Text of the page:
Adam Wozniak, Third Persona

Satori for a Hungry Ghost - Parker Paisley

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Download the PDF: Bass, Treble, Bb, Eb

This track is off the album Sartori for a Hungry Ghost by local jazz/reggae group Parker Paisley (Park Evans, Guitar; Adam Wozniak, Bass; Brandon Wozniak, Tenor Sax; Pete Hennig, Drums), released April 2012 and recorded by Greg Schutte at Bathtub Shrine Studios in NE Minneapolis.  You should definitely check out the rest of this tune, and the whole album, and know that all four of Parker Paisley’s members (not to mention engineer/drummer, Greg Schutte) are hard-hitting Minneapolis locals who play with many other amazing Mpls bands such as: the Atlantis Quartet (Brandon and Pete), the New Primitives (Park), Dark Dark Dark (Adam), the Fantastic Merlins (Pete), Dave King’s Trucking Company (Brandon), and Firebell (Park).  I actually know Adam from back in highschool when we used to hang out and jam in our friend Tony’s basement, so it’s really cool to be reconnecting with him and doing what I can to promote his music.

Adam’s always had a really solid sense of time, and it truly shows up in this solo as he takes full responsibility for the bass’s rhythmic role in keeping the groove while crafting a beautiful melody and clearly communicating the harmony at every turn. This manifests in the fact that he resists tying over barlines, hitting every downbeat, while frequently tying over beat three (mm. 1, 3, 6, 10, 11, 12, 15, 17, 19, 22) for mid-measure syncopation.  You can see in my rhythmic transcription that I originally transcribed this solo with doubled note values, but decided on a very slow 4/4 which makes much more sense to my ears/eyes (but in the process of hand-translating it to halved note values I doubled one of the measures and ended up with my barlines offset by 2 beats–oops).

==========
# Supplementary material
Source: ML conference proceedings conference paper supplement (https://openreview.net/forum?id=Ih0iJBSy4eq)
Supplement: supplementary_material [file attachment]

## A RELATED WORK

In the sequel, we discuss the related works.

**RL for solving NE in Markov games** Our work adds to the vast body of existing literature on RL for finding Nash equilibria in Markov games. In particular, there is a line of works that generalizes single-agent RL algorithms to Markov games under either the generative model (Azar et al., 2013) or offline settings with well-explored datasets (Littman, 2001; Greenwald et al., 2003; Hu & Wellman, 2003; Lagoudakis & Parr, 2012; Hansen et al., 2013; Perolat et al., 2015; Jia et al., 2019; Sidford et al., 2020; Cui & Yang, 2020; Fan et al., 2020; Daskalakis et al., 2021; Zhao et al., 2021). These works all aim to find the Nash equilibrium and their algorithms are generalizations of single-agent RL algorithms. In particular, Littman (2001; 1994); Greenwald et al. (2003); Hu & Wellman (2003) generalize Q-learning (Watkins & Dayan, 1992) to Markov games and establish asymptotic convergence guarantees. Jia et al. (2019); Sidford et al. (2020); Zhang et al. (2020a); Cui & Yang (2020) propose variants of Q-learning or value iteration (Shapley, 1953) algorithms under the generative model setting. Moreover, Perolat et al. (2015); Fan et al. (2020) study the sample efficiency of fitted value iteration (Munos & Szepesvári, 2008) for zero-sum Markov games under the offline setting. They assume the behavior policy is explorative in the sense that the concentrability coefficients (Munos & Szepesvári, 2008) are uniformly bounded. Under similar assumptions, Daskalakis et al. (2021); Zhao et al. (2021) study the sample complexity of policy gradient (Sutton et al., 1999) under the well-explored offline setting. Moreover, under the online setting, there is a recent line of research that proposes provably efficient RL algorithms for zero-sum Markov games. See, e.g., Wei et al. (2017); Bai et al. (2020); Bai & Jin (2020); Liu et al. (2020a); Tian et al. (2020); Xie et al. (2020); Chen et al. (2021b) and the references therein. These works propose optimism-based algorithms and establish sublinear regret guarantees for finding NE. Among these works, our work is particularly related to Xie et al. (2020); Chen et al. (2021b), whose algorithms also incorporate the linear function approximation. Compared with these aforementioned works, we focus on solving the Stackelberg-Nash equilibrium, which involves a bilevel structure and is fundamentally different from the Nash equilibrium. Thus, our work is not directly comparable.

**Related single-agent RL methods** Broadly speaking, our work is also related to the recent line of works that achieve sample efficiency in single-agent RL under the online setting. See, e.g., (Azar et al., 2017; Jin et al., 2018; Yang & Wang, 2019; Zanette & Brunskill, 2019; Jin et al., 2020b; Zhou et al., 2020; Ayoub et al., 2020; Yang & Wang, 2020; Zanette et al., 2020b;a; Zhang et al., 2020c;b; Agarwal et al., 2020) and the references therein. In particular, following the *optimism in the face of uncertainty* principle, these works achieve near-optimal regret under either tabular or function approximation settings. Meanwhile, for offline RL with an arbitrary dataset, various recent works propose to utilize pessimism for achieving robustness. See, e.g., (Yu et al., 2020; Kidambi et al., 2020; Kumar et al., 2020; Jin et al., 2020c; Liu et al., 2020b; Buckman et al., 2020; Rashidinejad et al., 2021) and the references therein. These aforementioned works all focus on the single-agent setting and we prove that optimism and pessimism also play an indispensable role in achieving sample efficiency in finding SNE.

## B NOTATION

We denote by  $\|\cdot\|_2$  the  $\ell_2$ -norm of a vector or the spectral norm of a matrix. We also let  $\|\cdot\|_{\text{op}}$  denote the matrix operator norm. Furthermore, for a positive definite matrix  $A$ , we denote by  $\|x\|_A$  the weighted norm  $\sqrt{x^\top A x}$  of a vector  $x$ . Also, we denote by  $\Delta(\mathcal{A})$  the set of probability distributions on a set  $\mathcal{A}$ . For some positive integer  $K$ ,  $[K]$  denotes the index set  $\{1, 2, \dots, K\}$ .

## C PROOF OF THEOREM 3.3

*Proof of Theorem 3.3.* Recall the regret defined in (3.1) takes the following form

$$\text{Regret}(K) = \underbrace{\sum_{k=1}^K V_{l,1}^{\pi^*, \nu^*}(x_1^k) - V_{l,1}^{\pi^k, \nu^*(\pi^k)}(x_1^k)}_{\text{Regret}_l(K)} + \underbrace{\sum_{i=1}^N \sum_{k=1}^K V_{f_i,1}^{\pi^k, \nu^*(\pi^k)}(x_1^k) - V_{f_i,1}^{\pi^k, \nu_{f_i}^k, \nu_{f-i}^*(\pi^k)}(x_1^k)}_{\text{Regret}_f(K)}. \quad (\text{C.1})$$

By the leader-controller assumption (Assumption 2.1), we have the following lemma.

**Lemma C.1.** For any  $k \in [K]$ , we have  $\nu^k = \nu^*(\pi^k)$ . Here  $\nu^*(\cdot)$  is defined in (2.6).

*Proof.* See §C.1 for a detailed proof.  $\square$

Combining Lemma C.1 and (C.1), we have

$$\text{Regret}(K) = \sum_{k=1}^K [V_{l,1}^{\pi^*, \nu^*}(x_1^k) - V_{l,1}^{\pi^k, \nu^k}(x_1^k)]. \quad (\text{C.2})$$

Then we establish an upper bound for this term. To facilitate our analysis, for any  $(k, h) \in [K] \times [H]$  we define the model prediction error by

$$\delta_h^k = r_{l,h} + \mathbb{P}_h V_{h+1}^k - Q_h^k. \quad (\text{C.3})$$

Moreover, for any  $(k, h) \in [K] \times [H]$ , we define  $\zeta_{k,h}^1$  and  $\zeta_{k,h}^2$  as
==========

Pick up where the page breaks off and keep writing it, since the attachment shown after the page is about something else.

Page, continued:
So one thing that makes this solo extremely pleasing to hear many times over is that it’s so damn consistent–as I mentioned above, he plays every downbeat, and almost every one of those downbeats is a chord tone (and if not, then it’s probably an important extension).  I’d guess that this is a manifestation of the bass player mentality of orienting the listener to the groove and underlying harmony, leaving little room for ambiguity or disorientation, which is necessary in groove-based music but tends to be absent in bass solos.  Another way Adam achieves clarity through consistency is by using a small collection of rhythmic motives, albeit in creative ways.  The first measure he plays here has 80% of the rhythmic material of the whole solo, and the additional material could be interpreted as simply development of these initial rhythmic motives.  What I’m seeing as the most important rhythmic constituents of the solo are the dotted rhythm (beat 1), the long tie over beat three, and a three-16th-notes pickup to the next measure.  In fact, every measure has at least two of the aforementioned three things with the exception of mm. 6, 13, 18, and 22, although each includes at least 2 references, or treatments of those initial ideas.  All in all, this is a very economic solo in terms of how much material is created vs. how much it’s developed, and although it can be exciting to play a ‘bag of tricks’ solo and throw a whole bunch of shit at the wall, it’s also extremely satisfying to hear a carefully-crafted solo comprised completely of ‘what sticks.’



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  1. Pingback: Park Evans, Could you be Deceived? | So Killing, Man!

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